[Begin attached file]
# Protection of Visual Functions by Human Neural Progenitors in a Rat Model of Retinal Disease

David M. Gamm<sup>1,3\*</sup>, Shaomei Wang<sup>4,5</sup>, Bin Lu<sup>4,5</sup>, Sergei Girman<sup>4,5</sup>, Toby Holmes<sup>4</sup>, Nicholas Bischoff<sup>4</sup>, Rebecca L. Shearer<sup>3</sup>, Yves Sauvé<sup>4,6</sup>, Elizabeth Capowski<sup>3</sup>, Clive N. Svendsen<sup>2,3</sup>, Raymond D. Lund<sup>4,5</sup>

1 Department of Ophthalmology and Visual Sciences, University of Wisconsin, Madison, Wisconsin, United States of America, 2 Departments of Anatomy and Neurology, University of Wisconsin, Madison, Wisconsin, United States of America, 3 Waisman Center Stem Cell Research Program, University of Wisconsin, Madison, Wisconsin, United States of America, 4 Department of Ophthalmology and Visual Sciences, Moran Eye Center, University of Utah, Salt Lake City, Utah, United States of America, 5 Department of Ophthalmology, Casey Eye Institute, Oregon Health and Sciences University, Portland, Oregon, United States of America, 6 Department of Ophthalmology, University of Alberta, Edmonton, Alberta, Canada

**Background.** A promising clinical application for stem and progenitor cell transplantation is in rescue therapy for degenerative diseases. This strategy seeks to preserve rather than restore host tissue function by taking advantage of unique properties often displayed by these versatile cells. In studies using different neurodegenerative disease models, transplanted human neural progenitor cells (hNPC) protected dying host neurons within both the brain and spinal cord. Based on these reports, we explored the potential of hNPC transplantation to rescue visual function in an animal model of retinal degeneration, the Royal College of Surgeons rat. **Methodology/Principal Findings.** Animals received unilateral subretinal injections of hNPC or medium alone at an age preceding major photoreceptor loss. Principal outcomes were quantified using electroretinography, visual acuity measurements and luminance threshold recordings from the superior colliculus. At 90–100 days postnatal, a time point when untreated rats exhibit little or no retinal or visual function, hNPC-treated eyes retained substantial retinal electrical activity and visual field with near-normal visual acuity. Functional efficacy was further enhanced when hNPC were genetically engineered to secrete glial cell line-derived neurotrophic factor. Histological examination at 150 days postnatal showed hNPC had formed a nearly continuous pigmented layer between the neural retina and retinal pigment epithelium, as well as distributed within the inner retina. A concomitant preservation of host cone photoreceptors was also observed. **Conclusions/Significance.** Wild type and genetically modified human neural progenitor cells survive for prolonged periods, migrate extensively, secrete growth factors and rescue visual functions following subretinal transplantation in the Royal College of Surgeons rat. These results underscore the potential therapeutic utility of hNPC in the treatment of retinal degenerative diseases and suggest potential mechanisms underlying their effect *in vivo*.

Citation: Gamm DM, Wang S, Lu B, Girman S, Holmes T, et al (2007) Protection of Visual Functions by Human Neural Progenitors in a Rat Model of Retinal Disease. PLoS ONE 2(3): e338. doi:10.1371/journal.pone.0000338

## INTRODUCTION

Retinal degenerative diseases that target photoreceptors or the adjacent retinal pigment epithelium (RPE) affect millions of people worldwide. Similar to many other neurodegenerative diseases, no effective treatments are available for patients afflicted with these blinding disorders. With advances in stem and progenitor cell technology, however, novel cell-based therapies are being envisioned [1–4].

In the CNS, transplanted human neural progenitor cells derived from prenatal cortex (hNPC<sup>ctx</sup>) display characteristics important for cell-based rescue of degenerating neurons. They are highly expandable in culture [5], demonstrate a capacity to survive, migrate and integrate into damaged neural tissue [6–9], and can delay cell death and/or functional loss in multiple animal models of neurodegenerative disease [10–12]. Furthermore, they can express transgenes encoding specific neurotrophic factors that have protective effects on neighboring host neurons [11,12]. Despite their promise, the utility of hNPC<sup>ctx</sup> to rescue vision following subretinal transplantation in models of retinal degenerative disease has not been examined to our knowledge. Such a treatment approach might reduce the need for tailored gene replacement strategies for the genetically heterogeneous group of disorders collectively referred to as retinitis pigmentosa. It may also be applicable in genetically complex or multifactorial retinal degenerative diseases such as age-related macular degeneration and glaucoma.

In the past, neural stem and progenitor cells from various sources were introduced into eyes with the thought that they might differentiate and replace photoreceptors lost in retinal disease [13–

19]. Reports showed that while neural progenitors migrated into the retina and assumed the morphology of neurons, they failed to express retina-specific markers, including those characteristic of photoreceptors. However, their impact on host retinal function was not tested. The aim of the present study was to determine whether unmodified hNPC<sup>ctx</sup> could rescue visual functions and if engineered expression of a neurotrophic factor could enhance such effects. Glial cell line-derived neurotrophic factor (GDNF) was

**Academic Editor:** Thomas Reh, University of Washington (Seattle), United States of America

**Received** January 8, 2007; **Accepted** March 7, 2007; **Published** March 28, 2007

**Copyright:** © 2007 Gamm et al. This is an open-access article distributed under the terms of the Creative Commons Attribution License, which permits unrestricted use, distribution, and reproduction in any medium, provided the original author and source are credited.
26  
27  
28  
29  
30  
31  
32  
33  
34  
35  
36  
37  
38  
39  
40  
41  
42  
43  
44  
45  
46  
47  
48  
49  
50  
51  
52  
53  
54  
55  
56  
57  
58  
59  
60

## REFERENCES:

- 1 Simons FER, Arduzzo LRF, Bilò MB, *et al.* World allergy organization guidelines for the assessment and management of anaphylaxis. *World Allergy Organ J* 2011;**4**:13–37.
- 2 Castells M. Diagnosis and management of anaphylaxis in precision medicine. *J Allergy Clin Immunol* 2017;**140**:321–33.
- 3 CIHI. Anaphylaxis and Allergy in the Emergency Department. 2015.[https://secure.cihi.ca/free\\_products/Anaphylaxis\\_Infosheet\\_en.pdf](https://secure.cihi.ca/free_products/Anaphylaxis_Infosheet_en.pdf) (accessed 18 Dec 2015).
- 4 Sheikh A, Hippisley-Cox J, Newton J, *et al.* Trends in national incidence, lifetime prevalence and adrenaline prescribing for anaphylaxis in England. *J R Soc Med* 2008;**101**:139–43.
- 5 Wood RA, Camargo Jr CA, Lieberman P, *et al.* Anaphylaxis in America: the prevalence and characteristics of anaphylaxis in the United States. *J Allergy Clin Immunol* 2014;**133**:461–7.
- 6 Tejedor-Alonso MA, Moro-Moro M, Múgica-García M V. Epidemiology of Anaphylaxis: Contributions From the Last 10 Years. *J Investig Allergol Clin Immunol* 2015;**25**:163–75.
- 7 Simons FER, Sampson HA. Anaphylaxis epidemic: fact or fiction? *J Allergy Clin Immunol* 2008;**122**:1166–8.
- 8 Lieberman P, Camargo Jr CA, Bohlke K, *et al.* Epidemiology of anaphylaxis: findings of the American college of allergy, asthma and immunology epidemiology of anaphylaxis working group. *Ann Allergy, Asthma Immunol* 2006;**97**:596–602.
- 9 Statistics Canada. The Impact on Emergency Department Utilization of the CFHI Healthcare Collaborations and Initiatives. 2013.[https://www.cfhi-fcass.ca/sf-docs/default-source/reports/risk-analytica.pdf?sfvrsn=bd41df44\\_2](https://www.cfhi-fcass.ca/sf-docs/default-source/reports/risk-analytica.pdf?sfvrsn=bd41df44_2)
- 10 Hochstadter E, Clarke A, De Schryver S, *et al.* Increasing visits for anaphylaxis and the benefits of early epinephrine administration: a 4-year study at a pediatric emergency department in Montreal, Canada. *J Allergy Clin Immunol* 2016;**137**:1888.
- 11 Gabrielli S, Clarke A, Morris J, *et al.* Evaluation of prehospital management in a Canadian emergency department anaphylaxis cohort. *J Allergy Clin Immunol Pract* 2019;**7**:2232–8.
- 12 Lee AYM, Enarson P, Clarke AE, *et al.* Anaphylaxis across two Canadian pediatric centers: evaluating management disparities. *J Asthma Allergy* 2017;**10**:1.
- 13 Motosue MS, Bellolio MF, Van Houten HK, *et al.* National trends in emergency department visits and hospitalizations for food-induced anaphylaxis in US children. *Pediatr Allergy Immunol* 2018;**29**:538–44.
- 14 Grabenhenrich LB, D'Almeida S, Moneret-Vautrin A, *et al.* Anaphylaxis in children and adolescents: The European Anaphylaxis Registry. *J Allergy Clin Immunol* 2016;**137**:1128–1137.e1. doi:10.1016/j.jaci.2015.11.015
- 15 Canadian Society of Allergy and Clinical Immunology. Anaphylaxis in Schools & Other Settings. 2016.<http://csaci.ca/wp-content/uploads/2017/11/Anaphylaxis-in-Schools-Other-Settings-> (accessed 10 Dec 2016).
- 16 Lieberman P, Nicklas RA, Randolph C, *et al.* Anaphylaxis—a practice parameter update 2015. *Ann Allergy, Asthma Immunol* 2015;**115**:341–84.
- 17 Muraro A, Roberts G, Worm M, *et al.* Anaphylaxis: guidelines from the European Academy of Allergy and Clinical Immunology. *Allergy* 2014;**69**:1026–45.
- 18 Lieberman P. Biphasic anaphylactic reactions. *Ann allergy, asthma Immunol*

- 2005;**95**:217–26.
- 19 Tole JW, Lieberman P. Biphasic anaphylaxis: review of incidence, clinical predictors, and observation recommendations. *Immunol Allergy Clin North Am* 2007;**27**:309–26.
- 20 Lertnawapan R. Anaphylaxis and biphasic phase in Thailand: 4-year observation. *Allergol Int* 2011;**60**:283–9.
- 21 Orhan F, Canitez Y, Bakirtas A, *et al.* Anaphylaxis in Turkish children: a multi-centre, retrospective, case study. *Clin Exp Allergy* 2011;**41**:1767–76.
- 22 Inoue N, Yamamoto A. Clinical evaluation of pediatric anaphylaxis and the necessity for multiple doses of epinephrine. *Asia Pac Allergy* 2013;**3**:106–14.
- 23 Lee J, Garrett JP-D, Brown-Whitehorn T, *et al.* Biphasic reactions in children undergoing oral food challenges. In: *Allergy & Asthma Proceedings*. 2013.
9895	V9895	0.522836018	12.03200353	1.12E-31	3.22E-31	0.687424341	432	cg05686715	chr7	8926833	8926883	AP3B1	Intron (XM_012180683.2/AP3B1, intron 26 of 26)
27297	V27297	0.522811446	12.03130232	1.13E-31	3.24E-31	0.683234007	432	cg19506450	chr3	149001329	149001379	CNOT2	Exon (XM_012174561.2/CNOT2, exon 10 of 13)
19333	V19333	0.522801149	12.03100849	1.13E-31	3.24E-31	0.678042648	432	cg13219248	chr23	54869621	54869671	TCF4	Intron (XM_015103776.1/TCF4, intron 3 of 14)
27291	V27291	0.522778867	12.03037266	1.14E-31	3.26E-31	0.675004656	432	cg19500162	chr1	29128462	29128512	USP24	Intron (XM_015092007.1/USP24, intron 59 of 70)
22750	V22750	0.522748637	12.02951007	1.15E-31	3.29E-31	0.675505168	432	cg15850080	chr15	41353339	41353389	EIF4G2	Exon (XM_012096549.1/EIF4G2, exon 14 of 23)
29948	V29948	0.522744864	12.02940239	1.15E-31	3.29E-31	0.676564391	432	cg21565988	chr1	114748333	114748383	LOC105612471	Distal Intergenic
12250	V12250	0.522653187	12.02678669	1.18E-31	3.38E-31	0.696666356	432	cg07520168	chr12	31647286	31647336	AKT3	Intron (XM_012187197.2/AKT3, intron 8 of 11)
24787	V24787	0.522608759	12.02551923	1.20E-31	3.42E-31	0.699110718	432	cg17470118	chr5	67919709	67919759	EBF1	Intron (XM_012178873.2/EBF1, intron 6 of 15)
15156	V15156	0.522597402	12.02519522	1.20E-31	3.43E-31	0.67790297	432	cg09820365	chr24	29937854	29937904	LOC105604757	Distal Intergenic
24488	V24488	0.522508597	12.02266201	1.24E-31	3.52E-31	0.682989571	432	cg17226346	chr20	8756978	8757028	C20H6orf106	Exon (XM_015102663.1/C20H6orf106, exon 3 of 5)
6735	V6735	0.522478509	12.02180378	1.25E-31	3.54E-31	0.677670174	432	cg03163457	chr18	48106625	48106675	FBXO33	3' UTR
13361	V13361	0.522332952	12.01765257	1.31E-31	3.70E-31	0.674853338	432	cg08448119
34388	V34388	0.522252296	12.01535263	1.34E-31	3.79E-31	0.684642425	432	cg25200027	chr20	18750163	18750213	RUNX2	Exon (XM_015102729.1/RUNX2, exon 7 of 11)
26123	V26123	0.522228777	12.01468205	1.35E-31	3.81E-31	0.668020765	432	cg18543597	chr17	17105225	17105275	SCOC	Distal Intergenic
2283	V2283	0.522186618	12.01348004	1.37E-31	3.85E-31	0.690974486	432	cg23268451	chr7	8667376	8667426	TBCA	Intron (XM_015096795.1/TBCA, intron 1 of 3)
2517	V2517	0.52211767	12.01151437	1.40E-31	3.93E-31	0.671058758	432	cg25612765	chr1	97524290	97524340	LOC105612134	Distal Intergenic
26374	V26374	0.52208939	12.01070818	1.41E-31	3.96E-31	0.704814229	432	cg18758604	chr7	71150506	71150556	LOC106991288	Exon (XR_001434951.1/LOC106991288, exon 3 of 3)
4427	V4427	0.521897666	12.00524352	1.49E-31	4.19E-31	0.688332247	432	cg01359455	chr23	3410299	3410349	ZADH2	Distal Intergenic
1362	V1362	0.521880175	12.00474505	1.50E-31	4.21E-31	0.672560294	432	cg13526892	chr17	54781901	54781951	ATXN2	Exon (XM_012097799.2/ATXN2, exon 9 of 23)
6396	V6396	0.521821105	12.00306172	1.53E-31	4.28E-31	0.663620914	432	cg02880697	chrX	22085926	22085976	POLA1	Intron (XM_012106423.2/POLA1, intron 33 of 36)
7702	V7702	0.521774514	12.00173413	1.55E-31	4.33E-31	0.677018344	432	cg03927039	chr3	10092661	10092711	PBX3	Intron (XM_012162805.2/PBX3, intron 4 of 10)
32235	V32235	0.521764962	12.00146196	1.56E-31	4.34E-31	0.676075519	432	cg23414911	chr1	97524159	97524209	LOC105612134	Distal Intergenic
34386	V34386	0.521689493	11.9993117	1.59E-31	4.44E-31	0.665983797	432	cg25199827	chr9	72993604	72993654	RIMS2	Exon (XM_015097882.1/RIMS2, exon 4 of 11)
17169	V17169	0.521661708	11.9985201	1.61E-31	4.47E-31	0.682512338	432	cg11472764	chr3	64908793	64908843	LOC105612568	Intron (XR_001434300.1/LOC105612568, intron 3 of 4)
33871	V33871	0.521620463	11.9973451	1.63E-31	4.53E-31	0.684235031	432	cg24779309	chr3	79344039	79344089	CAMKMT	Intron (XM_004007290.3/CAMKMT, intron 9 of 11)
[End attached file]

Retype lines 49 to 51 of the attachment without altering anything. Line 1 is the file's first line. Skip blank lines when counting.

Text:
## REFERENCES:

- 1 Simons FER, Arduzzo LRF, Bilò MB, *et al.* World allergy organization guidelines for the assessment and management of anaphylaxis. *World Allergy Organ J* 2011;**4**:13–37.
- 2 Castells M. Diagnosis and management of anaphylaxis in precision medicine. *J Allergy Clin Immunol* 2017;**140**:321–33.